A soft denture liner is placed in the part of a denture base that contacts tissues. This provides comfort for those persons experiencing considerable pain while wearing a denture that has a hard plastic interface (the inside of the denture).
These individuals may have a low threshold for pain, and/or the gum tissue that overlays jawbone is usually thinner than normal and does not resist pressure well. When such tissue is compressed between hard jawbone and hard denture plastic, pain is easily elicited. Replacing one of these hard interfaces with a soft denture liner helps eliminate or reduce this painful tissue compression.
Denture liners are usually fabricated from special medical grade rubber or silicone-type compounds. The silicone materials are generally more compressible and, consequently, softer.
In order for these materials to function adequately, they must be reasonably thick. Therefore, the amount of plastic that needs to be removed from the inside of a denture to allow room for these liners may weaken some dentures. In those cases, it becomes necessary to incorporate a reinforcing metal framework within the body of certain dentures. There are several steps involved in installing a soft denture liner, such as impressions and various laboratory procedures.
Soft denture liners tend to continually harden, though a patient may not be aware of this happening because the process is gradual. However, they eventually will begin to have increasing problems until a new soft denture liner is placed.
Denture liners are porous in nature, which accounts for why they are soft. However, this porosity contributes to their deterioration and collection of microorganisms.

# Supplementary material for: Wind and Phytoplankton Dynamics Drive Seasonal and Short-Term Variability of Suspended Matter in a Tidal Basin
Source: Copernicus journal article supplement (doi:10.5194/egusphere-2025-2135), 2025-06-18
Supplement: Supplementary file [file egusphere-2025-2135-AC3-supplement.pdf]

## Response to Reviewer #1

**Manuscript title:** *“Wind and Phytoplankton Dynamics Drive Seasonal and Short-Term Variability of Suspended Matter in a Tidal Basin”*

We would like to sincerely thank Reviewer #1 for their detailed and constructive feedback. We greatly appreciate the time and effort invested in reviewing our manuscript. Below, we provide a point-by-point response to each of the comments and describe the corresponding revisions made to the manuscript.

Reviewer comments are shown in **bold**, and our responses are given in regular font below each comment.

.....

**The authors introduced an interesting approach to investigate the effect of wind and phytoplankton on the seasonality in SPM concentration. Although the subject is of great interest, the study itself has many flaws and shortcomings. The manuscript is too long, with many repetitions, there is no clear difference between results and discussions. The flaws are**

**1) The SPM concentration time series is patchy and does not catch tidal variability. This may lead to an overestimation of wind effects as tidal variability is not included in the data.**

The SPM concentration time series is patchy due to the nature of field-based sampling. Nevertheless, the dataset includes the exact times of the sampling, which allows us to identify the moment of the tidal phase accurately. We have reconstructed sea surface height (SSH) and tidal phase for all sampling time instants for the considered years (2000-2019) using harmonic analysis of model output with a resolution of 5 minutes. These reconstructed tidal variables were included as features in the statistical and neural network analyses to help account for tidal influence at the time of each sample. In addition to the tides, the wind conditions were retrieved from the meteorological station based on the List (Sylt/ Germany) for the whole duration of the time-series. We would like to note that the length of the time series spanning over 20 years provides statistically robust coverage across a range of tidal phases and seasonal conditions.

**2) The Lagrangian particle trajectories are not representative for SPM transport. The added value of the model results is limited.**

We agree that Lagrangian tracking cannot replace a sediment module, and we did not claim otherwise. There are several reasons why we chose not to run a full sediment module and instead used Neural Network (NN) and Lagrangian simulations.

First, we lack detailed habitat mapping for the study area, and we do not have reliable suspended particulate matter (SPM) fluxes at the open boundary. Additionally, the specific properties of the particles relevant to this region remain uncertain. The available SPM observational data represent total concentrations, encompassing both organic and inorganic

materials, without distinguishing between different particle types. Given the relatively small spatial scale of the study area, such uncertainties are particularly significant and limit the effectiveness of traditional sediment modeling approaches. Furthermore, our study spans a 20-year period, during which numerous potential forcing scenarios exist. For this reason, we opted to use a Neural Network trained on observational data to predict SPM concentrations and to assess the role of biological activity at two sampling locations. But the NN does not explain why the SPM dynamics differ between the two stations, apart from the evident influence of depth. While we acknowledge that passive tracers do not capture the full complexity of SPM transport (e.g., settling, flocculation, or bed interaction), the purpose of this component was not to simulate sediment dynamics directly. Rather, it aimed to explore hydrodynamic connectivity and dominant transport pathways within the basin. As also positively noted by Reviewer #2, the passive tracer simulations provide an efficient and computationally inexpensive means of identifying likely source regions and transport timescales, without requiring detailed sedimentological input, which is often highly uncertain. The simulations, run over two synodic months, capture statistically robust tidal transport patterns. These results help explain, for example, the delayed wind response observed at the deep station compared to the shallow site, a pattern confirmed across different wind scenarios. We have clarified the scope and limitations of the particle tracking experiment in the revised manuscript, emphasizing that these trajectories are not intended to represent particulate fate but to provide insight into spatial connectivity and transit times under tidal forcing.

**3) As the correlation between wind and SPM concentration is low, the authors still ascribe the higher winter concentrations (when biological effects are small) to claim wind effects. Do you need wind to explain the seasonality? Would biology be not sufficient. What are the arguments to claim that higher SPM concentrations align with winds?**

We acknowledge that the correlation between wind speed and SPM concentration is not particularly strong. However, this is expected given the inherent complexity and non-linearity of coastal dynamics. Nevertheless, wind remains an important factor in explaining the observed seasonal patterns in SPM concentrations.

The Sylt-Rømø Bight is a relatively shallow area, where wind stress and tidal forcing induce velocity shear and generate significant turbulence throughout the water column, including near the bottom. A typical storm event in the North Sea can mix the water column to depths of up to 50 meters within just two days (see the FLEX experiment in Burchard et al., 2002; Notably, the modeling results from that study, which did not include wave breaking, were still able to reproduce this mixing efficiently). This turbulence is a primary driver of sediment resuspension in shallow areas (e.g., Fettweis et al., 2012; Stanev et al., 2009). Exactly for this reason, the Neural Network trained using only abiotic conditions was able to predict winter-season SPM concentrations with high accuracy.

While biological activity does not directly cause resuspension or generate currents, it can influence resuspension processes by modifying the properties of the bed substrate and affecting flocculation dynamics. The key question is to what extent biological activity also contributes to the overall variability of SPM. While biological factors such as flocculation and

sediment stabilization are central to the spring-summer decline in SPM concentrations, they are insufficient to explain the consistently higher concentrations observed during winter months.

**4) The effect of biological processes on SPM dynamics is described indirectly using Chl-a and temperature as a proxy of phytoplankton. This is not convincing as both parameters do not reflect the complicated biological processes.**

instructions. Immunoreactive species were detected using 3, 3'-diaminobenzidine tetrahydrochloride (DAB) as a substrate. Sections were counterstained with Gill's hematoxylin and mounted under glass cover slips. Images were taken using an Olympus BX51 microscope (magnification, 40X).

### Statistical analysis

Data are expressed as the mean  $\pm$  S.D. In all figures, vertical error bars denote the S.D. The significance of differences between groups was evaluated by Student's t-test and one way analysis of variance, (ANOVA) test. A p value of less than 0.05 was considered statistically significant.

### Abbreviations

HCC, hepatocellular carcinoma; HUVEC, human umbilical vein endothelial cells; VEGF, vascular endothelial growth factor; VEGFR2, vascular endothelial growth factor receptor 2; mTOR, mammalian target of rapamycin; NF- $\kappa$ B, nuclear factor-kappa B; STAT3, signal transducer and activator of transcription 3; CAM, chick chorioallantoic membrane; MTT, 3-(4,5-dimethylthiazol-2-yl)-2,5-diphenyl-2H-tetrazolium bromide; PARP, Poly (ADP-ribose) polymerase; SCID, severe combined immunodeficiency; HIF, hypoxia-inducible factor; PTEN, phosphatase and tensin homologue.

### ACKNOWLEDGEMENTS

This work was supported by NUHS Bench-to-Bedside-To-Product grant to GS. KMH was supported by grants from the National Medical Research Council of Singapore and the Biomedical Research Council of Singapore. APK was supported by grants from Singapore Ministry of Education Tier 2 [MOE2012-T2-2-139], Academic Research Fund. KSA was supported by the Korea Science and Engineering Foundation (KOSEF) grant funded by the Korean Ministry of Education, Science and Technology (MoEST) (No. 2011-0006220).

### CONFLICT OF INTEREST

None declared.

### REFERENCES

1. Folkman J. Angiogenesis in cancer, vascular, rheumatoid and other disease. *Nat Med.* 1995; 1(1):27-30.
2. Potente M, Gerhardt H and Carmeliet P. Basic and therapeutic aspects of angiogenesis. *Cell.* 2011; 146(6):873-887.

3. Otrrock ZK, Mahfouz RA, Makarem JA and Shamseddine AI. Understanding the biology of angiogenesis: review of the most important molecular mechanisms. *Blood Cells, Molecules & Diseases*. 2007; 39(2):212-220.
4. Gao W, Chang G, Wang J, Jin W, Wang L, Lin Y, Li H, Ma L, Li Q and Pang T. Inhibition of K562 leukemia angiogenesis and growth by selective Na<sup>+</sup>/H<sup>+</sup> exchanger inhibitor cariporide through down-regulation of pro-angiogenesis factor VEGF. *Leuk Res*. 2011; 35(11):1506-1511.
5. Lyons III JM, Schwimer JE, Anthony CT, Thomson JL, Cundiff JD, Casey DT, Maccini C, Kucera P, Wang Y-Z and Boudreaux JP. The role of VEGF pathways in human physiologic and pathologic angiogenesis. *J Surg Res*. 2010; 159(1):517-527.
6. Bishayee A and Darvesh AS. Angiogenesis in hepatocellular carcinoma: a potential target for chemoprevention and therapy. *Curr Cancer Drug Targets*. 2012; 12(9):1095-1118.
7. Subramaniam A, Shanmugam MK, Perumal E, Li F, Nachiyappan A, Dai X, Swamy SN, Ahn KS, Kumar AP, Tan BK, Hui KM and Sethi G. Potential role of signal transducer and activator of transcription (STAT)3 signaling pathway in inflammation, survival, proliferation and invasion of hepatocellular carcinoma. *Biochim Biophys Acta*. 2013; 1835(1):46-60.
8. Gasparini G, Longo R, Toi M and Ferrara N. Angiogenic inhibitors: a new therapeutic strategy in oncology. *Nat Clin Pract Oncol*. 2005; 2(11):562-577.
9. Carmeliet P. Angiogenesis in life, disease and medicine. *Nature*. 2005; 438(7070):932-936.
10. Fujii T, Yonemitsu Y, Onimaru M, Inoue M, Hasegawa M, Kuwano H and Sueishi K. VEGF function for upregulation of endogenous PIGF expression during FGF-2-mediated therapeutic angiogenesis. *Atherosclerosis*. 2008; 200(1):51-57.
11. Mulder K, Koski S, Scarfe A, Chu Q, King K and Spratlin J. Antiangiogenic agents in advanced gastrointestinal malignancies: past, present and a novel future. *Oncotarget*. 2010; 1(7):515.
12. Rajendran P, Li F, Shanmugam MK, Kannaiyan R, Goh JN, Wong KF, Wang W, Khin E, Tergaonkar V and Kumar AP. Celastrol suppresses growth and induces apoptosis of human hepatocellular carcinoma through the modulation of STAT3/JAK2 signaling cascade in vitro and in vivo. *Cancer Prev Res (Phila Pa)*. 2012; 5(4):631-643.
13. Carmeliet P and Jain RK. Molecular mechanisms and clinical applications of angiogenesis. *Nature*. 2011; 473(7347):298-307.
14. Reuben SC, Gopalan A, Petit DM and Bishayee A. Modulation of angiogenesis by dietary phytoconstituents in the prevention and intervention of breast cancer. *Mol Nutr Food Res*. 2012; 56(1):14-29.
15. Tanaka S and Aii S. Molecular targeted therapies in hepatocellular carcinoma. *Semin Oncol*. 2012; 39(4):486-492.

If a soft denture liner becomes contaminated with disease-causing microorganisms (a fungus for example), it may not be possible to decontaminate the denture without having to replace the denture liner.
Persons with dry mouth usually have difficulty wearing dentures due to pain and irritation caused by the hard denture surface rubbing against underlying tissues that are not lubricated with adequate saliva. While soft denture liners would appear to be ideal for such individuals, they are generally much more difficult to maintain. Because impaired saliva production allows a very significant collection of microorganisms to buildup in the mouth, this usually results in unacceptable contamination of porous soft denture liners unless meticulous hygiene is maintained.
While denture liners generally will last longer than a year, they should be replaced on an annual basis or sooner. The frequency of replacement depends on each situation and the patient's oral hygiene.
by Joseph J. Massad, D.D.S.